• The tendons and the many ligaments of the foot attach to the tough, thin tissue covering the bones, the periosteum. The ligaments attach the bones to each other, and the tendons connect the muscles to the bones.
    • As in the hand, there are intrinsic muscles in the feet.
    • The bones of the foot form a longitudinal arch and a transverse arch. Most of the body’s weight is borne on the metatarsal heads, particularly the first and fifth.
  • Brachial Plexus

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    • The nerve roots of the lower cervical spinal cord split and merge several times before supplying the arm and hand.
    • The brachial plexus lies over the first rib and behind the clavicle. It is intimately related to the subclavian/brachial artery and passes between the scalene muscles of the neck.
    • The plexus is divided into roots, trunks, divisions, cords and terminal branches. By looking at the anatomical distribution of pain or dysfunction, it is possible to determine the location of a brachial plexus lesion.
    • Brachial plexopathy can occur during delivery with or without shoulder dystocia, and from thoracic outlet syndrome.
  • Brain Surface Anatomy

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    • The surface of the brain has multiple folds, or gyri, separated by sulci. While many of these are specific to a particular individual, some are constant and serve as landmarks for functional control.
    • The cerebrum is the large, rounded portion of the brain and is the site of higher functions. The cerebellum and brainstem control more basic functions like heart rate, balance, and respiration.
    • The cranial nerves mostly originate in the brainstem and exit the skull via foramina in the base of the skull (see M1). The optic nerves originate in the occipital lobes, travel along pathways inside the brain matter, and exit anteriorly.
    • The corpus callosum is a group of myelin-covered neuronal fibers (white matter) which connect the right side of the brain with the left.
  • Breast Anatomy

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    • The breast in a premenopausal woman is composed of glandular tissue, fat, connective tissue and ducts; the axillary tail of breast tissue is tucked upward in the axilla. The breast lies on the pectoralis muscles of the thorax.
    • The breast is divided by irregular fibrous septa which prevent masses from migrating from one area of the breast to another; malignant tumors may eventually erode through these septa.
    • Lymphatic channels travel throughout the breast, with all but the most medial portions draining to the axillary lymph nodes. The “sentinel” node—the first node to receive drainage from the breast—can be determined with testing and evaluated for metastatic spread.
    • Post-menopausal women have little glandular tissue since most of it has been replaced by fat.
  • CABG

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    • When coronary arteries are significantly blocked (>70% stenosis), pain symptoms often occur with exercise in the form of stable angina, or at rest in the form of unstable angina.
    • Bypass vessels are harvested as free grafts from the saphenous veins of the legs. These are anastomosed to the aorta and then to the coronary arteries, literally bypassing the blocked regions.
    • The internal mammary arteries, which lie on either side of the sternum within the rib cage, can also be harvested and anastomosed directly to the coronary arteries. These grafts are less likely to stenose than are vein grafts.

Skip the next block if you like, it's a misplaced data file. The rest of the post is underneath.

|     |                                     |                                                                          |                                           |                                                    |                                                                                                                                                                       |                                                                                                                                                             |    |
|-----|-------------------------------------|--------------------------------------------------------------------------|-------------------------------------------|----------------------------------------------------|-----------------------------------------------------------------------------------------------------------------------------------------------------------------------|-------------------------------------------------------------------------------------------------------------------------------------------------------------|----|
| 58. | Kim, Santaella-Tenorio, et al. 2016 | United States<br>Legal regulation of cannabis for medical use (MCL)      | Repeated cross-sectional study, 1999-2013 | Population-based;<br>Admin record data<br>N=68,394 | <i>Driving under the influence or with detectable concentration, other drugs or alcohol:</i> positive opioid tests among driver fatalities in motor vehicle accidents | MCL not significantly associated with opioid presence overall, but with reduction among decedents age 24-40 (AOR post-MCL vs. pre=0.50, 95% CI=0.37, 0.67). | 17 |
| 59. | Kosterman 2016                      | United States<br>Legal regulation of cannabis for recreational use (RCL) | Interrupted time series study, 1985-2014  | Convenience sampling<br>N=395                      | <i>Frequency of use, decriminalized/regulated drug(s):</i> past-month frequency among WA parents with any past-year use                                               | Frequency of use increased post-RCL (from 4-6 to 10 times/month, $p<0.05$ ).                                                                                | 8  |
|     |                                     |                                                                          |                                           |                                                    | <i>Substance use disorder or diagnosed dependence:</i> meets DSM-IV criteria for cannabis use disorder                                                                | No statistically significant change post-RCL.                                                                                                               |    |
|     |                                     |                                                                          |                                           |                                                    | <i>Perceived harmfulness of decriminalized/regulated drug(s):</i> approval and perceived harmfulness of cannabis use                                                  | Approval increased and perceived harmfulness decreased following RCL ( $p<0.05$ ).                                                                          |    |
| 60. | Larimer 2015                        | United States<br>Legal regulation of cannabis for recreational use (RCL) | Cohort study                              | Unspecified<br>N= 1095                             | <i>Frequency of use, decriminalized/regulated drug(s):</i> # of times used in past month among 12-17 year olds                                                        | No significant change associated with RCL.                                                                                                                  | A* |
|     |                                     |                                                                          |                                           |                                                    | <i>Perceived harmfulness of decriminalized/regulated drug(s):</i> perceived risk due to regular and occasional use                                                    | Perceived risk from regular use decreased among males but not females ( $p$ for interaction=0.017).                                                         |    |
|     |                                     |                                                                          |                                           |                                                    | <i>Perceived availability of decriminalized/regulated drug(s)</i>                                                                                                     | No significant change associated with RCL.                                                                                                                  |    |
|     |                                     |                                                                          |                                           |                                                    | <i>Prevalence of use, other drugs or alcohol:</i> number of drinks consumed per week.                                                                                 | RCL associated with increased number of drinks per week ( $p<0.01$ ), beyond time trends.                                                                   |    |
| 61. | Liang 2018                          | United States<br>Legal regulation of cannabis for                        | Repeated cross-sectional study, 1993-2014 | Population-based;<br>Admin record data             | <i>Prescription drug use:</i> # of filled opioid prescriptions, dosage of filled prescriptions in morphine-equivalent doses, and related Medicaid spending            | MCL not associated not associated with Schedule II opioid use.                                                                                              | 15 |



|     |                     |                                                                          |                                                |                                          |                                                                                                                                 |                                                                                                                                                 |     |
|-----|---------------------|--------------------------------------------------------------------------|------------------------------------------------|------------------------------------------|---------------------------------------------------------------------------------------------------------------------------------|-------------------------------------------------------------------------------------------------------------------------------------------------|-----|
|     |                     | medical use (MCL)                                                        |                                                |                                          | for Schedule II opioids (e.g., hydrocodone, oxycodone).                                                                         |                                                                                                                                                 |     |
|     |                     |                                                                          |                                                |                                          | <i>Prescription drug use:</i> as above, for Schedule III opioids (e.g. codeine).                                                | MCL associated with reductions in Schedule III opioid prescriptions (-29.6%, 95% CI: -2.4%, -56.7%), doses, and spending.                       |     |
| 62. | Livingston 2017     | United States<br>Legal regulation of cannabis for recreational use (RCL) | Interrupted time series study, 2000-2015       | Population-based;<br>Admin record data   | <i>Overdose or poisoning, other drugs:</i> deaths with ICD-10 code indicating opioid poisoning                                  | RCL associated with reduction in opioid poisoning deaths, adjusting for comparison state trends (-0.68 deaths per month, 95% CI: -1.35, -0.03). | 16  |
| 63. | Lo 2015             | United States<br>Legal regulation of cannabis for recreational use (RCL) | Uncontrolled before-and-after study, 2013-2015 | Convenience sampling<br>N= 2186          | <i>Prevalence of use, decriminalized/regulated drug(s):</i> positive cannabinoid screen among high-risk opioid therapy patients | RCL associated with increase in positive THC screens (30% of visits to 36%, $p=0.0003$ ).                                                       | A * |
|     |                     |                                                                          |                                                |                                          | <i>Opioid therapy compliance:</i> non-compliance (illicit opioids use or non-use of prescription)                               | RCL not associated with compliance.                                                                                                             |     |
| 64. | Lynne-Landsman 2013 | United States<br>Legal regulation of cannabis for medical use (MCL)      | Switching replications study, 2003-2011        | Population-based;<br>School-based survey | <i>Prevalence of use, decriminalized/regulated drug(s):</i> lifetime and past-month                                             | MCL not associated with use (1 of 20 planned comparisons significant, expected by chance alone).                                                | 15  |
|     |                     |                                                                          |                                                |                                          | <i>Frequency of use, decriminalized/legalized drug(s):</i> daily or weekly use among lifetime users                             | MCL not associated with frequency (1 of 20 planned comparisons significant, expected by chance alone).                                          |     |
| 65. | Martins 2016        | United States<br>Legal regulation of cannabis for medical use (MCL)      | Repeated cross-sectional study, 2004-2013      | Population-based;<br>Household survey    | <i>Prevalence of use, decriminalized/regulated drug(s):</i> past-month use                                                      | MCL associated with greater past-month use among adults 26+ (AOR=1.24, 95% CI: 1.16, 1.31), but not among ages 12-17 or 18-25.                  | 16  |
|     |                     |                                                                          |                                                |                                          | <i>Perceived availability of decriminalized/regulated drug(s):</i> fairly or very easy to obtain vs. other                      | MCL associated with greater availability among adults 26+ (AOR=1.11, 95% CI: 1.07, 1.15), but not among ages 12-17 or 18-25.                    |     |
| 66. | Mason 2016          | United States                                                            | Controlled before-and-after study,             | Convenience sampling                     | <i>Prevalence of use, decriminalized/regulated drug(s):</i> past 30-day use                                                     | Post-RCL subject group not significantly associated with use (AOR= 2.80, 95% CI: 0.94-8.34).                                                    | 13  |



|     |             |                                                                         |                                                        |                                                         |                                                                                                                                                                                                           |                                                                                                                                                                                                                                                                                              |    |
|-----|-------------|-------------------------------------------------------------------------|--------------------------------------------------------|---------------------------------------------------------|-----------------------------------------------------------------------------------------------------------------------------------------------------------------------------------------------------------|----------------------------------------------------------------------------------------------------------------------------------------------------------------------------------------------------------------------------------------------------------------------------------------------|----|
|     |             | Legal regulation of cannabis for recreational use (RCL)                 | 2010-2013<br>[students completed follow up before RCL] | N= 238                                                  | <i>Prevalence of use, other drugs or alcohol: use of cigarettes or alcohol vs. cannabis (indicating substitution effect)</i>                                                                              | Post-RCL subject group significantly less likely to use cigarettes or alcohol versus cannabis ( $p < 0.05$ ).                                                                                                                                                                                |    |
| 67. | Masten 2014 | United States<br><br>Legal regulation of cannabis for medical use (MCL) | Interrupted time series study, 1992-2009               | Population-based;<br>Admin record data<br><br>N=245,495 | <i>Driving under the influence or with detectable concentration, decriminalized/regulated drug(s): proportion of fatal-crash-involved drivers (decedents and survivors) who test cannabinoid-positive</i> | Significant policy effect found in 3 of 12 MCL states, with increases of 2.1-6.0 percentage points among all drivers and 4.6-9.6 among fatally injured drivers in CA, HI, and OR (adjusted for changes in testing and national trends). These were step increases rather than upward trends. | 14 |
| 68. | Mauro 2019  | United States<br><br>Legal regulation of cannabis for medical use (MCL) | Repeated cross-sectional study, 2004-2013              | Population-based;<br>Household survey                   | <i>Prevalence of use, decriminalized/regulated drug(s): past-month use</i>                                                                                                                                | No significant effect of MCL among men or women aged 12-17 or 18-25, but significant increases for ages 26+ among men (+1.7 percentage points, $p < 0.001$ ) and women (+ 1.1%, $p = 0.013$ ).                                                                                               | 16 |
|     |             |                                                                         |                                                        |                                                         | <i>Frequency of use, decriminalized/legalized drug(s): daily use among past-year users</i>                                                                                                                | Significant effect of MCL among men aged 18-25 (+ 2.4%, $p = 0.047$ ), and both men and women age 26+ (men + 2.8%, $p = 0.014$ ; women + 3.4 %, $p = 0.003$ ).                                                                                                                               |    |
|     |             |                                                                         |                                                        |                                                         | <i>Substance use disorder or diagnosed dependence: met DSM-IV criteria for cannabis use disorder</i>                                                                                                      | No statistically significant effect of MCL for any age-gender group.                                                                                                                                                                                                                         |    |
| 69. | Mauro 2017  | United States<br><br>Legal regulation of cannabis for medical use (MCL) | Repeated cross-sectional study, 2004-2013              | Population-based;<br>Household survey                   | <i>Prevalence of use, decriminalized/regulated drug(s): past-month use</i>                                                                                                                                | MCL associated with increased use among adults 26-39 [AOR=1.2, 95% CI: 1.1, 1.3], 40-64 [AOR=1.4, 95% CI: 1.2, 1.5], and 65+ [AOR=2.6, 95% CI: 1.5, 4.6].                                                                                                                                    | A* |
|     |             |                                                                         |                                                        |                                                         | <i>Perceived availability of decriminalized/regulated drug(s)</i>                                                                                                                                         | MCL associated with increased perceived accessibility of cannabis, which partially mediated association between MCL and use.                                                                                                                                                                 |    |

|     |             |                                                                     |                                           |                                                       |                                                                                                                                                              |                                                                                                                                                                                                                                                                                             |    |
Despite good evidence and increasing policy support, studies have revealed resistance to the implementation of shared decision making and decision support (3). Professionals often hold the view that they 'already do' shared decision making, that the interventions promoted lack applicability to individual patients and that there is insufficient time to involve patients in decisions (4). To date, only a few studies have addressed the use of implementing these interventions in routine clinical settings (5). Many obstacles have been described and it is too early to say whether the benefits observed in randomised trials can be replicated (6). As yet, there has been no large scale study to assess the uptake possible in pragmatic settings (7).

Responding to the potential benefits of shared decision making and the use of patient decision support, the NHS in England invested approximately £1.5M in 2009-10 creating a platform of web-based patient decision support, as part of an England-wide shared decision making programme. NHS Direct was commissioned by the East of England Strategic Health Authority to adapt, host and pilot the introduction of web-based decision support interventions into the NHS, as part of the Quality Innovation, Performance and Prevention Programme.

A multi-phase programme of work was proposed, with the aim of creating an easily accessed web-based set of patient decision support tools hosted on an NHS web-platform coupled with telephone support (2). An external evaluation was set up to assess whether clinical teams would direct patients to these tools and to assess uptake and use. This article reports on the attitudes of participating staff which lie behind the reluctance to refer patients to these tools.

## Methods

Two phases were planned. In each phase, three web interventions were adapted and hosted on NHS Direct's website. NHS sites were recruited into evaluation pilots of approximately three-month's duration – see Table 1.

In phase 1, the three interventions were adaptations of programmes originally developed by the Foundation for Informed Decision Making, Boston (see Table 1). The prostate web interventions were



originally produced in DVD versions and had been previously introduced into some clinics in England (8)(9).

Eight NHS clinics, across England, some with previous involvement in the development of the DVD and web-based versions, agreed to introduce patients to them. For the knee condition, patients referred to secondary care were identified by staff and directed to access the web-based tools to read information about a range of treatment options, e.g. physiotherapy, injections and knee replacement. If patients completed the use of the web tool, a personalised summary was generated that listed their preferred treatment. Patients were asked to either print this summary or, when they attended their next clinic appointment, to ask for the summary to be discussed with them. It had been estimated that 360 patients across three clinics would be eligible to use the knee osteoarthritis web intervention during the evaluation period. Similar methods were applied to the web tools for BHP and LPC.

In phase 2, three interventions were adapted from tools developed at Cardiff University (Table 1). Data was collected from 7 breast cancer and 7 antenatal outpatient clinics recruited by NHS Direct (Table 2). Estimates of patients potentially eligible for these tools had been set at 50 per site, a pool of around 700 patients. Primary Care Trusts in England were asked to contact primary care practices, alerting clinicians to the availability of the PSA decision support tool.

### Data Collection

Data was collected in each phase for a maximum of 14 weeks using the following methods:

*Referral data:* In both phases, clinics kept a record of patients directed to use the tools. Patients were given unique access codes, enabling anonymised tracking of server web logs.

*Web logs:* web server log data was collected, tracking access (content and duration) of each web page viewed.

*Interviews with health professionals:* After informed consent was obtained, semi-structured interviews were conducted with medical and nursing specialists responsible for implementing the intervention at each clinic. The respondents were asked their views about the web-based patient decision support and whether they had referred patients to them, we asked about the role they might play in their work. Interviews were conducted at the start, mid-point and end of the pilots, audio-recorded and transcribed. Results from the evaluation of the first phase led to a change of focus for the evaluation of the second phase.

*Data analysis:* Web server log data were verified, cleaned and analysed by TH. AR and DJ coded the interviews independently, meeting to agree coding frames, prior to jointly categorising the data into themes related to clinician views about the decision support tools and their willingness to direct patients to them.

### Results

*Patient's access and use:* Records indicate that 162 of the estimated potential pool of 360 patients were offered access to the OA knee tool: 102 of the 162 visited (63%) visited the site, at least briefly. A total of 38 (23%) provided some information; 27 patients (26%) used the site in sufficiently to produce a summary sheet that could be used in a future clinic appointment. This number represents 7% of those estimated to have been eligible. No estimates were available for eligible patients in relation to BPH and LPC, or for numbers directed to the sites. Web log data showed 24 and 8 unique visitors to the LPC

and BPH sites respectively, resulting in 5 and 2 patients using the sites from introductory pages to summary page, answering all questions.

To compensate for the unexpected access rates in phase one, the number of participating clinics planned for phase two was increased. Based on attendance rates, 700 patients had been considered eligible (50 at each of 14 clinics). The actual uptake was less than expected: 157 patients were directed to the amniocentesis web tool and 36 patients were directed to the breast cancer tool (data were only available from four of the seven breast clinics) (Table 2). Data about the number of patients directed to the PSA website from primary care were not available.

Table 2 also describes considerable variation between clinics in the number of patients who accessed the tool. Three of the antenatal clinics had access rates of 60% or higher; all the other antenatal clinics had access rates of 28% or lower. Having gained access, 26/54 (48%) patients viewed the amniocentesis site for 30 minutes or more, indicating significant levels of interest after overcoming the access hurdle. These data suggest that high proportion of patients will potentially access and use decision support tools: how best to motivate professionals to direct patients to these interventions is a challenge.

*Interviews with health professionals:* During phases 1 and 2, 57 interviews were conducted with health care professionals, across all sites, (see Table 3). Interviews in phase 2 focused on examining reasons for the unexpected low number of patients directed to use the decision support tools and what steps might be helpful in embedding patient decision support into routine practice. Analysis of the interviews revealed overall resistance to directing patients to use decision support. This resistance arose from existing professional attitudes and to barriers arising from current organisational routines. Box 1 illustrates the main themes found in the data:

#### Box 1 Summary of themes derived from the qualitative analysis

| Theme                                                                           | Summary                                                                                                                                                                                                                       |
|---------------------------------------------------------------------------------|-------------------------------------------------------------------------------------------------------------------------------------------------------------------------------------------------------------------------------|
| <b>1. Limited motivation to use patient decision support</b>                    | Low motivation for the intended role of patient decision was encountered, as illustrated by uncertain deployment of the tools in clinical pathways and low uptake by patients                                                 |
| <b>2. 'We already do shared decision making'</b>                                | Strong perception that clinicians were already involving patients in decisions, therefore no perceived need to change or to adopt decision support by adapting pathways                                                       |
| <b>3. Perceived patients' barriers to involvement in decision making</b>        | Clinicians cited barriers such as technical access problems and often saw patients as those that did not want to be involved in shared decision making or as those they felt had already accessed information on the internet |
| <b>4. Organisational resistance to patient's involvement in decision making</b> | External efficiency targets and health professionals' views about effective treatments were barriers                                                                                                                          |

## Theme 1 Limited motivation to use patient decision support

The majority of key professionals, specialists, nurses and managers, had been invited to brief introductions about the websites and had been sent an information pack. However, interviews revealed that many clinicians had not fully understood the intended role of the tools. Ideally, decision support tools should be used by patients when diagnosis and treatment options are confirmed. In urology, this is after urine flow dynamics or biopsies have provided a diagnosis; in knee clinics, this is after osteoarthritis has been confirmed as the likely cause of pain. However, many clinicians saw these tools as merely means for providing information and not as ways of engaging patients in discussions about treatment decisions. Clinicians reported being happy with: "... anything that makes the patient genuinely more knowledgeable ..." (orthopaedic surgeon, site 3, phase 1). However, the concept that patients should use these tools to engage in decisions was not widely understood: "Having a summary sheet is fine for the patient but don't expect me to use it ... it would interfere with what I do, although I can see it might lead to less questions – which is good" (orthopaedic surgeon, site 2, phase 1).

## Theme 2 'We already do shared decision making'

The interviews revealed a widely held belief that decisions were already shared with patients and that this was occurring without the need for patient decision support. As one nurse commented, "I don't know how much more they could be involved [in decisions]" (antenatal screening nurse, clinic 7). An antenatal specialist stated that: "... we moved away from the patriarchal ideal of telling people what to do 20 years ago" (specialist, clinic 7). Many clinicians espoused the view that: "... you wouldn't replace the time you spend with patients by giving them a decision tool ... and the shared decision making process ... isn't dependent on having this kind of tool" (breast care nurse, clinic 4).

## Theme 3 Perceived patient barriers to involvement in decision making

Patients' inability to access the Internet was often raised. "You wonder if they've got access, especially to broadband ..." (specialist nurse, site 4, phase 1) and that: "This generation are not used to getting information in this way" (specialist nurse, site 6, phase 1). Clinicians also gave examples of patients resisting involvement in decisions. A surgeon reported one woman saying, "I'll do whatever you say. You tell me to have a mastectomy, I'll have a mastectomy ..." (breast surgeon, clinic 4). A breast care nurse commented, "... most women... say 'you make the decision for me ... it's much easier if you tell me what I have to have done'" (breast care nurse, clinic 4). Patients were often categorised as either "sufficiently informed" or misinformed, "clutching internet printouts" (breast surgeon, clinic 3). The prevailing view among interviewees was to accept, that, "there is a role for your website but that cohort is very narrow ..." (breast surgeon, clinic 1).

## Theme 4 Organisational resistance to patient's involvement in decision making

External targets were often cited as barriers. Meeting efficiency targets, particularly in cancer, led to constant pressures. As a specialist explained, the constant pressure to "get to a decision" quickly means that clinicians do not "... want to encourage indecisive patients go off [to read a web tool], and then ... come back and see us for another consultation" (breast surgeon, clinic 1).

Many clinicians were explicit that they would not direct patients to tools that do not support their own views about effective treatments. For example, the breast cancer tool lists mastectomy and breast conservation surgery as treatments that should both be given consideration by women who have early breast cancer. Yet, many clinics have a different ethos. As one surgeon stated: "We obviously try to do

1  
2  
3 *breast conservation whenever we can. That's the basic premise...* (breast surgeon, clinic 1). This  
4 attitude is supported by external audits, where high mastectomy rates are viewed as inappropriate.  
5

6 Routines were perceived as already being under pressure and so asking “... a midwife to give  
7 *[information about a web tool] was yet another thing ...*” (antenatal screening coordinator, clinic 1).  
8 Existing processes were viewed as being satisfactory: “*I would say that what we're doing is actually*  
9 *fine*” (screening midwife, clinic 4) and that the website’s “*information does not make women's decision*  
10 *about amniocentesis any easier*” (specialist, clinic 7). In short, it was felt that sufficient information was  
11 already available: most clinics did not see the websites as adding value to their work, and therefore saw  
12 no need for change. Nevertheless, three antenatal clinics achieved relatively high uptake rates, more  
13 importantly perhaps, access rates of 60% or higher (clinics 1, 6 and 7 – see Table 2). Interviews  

• The procedure can be performed either on or off cardiopulmonary bypass.
  • Cancer Metastasis

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    • Cancer tends to spread by two mechanisms: infiltration, in which the tumor pushes against and enters contiguous tissue; and metastasis, when cancer cells enter lymphatic channels and/or small blood vessels and eventually travel to distant locations and organs in the body.
    • Certain tumors have a predilection for specific sites. Colon cancer frequently spreads to the liver, and breast cancer to the brain and spine.
    • When there is lymphatic spread, the local and regional lymph nodes are the first line of defense; when the nodes fill up with dividing tumor cells, the cells then break free and travel toward the heart for distribution throughout the body.
  • Carpal Tunnel Anatomy

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    • The carpal tunnel is a passageway on the palmar side of the wrist that houses the median nerve and finger flexor tendons. Anteriorly, the carpal tunnel is bordered by the transverse carpal ligament, a heavy band of fibers that forms the fibrous sheath containing the carpal tunnel; posteriorly, the carpal tunnel is bordered by carpal bones.
    • Guyon’s canal contains the ulnar nerve and artery; this anatomy does not pass through the tunnel, but lies superficial to it.
    • Carpal tunnel syndrome occurs when the median nerve, which controls sensations to the palm side of the thumb, first, second, and half of the third finger, becomes compressed at the wrist, within the carpal tunnel. This results in pain, weakness, or numbness in the hand and wrist, radiating up to the arm.
  • Carpal Tunnel Release

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    • If conservative treatment is not effective, surgical intervention may be chosen. Surgery can be done as an open procedure or endoscopically.
    • In endoscopic surgery, a small incision is made in the wrist and a dilator tube is inserted. An arthroscope with a camera is inserted in order to view the anatomy, then a cutting tool is used to sever the transverse carpal ligament in order to reduce pressure on the median nerve.
    • This type of surgery is less invasive and allows for faster recovery and less postoperative pain.